Singapore Creates World’s Largest Asian Genetic Databank

The genomes of some 5,000 Singaporeans representing 80 percent of Asia’s ethnic diversity have been sequenced by researchers in Singapore.

A team of scientists in Singapore has developed the world’s largest genetic databank of Asian individuals. Their findings are published in Cell.

Genetic variation is known to contribute to an individual’s susceptibility to disease and response to treatments. Populations from different parts of the world show significant genetic diversity that is a consequence of their population histories. Asian populations are not extensively studied, and their genetic make-up is poorly understood, hindering efforts to discover disease-associated genes that impact on the health of individuals from these populations.

Singapore, with its ethnically diverse population consisting of three major ethnic groups (Chinese, Malay and Indian), capture 80 percent of Asia’s diversity. Hence, Singapore investigators performed whole genome sequencing on close to 5,000 Singaporeans (2,780 Chinese, 903 Malays and 1,127 Indians) over two years to establish a genetic reference on the local population for subsequent studies.

Image Credit: asianscientist.com
Image Credit: asianscientist.com

The study revealed a noticeable degree of genetic intermingling among the three ethnic groups, of which Chinese and Malays are more closely related. It suggests that Malays split from Chinese about 24,800 years ago. The Malays then experienced significant gene inflow with East Asians about 1,700 years ago, coinciding with the Austronesian expansion, a hypothesized historical migration of peoples from Taiwan/East Asia to Southeast Asia and further to remote Pacific and Oceania islands.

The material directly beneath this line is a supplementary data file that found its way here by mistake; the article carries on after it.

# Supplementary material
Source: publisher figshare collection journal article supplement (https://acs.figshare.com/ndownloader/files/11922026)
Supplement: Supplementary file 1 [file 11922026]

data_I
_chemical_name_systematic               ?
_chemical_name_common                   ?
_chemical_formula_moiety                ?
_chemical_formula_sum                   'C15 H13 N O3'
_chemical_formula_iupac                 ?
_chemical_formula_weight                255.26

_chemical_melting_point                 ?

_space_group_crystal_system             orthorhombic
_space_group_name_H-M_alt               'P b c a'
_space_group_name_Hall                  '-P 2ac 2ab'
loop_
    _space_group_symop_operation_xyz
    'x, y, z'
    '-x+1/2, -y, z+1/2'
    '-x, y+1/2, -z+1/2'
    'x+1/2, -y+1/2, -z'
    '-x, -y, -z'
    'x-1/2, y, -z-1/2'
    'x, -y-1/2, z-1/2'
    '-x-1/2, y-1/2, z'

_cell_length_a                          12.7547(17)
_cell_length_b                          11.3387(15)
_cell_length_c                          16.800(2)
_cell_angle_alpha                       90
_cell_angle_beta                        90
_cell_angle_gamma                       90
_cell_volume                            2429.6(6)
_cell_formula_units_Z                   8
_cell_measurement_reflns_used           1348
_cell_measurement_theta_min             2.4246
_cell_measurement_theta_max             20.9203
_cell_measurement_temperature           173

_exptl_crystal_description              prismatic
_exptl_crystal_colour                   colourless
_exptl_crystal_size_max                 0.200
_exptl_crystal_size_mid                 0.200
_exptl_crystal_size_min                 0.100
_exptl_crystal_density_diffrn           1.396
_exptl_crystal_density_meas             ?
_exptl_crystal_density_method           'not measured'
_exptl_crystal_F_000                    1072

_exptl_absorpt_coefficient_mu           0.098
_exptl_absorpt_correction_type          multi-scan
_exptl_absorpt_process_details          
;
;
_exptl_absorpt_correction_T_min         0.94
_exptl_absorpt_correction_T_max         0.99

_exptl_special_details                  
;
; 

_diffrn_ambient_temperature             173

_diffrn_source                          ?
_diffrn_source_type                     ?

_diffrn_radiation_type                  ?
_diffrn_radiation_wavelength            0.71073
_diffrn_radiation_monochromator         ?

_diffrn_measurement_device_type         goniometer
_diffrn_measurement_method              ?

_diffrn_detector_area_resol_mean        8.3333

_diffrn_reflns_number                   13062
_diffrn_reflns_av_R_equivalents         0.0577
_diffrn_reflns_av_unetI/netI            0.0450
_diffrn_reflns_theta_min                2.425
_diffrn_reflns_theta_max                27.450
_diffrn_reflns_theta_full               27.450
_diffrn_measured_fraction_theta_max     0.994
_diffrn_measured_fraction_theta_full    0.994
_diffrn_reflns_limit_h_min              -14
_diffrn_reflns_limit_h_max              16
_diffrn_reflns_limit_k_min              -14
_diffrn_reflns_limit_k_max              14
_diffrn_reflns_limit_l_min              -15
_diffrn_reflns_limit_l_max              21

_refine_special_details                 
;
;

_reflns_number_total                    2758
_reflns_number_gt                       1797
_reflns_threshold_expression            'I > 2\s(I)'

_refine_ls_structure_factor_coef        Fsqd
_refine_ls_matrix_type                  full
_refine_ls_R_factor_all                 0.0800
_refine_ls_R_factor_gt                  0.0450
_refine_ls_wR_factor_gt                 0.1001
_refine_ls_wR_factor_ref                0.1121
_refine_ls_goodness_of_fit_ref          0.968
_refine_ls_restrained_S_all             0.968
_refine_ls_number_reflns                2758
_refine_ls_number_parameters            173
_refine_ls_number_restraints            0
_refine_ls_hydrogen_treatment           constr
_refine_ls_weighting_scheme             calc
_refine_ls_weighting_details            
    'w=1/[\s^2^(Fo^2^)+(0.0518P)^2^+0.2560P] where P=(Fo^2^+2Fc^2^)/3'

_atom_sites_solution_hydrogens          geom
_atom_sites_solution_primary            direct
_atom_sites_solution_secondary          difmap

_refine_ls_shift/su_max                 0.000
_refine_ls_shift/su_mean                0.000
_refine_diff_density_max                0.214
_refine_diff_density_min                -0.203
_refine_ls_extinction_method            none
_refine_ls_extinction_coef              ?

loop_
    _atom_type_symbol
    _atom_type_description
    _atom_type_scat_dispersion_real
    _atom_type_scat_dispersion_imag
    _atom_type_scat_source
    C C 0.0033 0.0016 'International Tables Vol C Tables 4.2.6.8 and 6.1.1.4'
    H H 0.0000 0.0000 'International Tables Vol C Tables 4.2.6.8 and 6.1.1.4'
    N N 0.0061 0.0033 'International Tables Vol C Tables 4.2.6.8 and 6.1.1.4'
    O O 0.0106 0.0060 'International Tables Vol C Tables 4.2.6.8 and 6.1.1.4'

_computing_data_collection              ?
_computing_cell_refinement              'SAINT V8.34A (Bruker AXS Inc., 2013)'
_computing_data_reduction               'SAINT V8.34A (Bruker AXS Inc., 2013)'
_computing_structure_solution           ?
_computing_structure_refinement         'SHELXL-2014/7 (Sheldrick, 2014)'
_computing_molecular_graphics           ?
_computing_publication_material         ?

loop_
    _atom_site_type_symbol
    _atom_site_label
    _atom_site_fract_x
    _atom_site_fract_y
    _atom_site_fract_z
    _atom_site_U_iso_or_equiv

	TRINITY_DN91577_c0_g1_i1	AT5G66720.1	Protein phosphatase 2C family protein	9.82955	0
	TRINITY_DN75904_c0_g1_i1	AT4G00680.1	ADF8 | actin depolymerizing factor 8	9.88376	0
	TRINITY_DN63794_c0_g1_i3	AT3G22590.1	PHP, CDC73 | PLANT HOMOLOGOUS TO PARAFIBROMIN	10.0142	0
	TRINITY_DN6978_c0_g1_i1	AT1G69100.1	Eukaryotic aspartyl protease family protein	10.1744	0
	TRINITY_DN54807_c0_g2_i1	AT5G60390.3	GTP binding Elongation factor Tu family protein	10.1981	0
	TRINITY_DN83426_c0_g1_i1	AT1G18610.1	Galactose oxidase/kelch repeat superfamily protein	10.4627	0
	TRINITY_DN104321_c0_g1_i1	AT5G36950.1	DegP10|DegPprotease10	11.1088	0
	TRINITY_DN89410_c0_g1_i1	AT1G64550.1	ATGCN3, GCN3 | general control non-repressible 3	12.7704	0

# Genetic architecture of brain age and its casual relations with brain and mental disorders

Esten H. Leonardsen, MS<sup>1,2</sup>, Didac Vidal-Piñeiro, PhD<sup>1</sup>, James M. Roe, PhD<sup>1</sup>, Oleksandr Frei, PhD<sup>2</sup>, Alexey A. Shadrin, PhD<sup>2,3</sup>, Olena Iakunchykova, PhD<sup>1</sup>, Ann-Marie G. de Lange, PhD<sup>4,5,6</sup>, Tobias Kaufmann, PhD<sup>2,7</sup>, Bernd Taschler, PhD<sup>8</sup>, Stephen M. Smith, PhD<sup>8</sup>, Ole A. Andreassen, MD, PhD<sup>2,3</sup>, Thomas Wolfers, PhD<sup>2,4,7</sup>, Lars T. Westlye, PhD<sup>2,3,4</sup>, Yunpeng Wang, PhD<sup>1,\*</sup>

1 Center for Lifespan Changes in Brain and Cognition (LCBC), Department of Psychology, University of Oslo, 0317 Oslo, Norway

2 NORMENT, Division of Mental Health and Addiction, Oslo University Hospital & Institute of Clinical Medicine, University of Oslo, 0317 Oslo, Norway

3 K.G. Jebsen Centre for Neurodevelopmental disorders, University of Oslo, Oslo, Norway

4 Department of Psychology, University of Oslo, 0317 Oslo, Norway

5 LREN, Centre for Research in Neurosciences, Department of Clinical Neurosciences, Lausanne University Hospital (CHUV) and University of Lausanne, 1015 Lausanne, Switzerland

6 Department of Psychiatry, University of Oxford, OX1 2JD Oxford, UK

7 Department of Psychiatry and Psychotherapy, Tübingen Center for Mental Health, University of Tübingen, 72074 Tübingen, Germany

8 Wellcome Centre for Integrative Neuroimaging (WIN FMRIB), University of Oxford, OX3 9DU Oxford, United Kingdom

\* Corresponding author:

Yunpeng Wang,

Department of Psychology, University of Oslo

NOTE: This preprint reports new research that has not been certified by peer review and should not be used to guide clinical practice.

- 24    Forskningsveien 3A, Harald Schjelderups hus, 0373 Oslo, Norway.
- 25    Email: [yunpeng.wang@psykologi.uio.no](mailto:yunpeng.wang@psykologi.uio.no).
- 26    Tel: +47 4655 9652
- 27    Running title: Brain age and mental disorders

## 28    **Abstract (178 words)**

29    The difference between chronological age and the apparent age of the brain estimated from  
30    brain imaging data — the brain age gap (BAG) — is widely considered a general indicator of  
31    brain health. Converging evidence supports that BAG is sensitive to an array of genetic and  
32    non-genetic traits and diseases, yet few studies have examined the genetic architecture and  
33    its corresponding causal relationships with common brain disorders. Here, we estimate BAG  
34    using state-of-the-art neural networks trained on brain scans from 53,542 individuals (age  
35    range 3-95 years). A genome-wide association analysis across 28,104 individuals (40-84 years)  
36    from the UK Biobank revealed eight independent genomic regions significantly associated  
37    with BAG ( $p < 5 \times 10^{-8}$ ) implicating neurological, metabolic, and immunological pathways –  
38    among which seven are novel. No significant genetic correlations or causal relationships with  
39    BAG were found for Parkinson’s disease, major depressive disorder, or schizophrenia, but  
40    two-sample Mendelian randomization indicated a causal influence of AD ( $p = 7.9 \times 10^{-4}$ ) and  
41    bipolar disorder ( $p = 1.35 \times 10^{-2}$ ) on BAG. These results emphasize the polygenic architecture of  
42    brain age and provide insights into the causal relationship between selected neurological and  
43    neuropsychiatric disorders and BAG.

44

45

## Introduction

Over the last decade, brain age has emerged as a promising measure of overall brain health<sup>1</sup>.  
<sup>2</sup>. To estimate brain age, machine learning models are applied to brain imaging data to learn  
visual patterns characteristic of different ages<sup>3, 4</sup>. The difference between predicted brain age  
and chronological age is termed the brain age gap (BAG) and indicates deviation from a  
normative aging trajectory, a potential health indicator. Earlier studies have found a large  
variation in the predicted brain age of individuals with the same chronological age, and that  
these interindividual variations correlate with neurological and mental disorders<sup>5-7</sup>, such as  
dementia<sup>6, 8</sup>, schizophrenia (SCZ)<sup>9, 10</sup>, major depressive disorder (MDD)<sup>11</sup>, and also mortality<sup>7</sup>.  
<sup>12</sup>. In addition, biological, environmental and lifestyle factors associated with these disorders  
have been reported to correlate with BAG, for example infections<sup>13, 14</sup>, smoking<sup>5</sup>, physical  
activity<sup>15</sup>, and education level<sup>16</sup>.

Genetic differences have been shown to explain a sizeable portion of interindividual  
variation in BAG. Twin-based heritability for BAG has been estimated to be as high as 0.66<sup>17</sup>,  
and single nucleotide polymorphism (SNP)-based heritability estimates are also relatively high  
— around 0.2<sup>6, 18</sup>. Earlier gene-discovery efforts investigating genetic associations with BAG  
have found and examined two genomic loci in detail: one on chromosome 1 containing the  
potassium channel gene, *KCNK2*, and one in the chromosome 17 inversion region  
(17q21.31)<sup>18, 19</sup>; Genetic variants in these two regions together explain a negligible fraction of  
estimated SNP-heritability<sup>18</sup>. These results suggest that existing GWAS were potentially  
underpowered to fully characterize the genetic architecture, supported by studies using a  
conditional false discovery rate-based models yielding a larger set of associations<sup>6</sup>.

In addition, the team identified 98.3 million genetic variants across the Singapore genomes. Of these, more than half have not been previously reported in public databases, which to date have focused on Western and European populations. It also identified 20 candidate loci for natural selection where genome sequences were altered as a result of survival and adaptation to local environments during human evolution.

14 loci were found to be associated with human traits and diseases. This may explain why certain diseases and human traits, such as ALDH2 deficiency, which is associated with Asian Flush, are more or less common in Asians. These results show the relevance and utility of performing genetic studies across diverse populations in Asia.

“The project provides a pilot genetic map of Asian populations that allows us to measure precisely the genetic contribution to disease, and combine it with other sources of data within a data-driven healthcare system,” said Professor Patrick Tan, executive director at the Genome Institute of Singapore, who is a senior author on the study.

“Potentially, this will provide insights to prevent disease before it occurs, diagnose disease earlier and ensure that therapies are deployed in a way that maximizes clinical benefits while minimizing adverse effects. This will benefit both Singapore and the Asian population at large by providing more effective and efficient healthcare services,” he added.

 

Originally published in Asian Scientist. Read original article here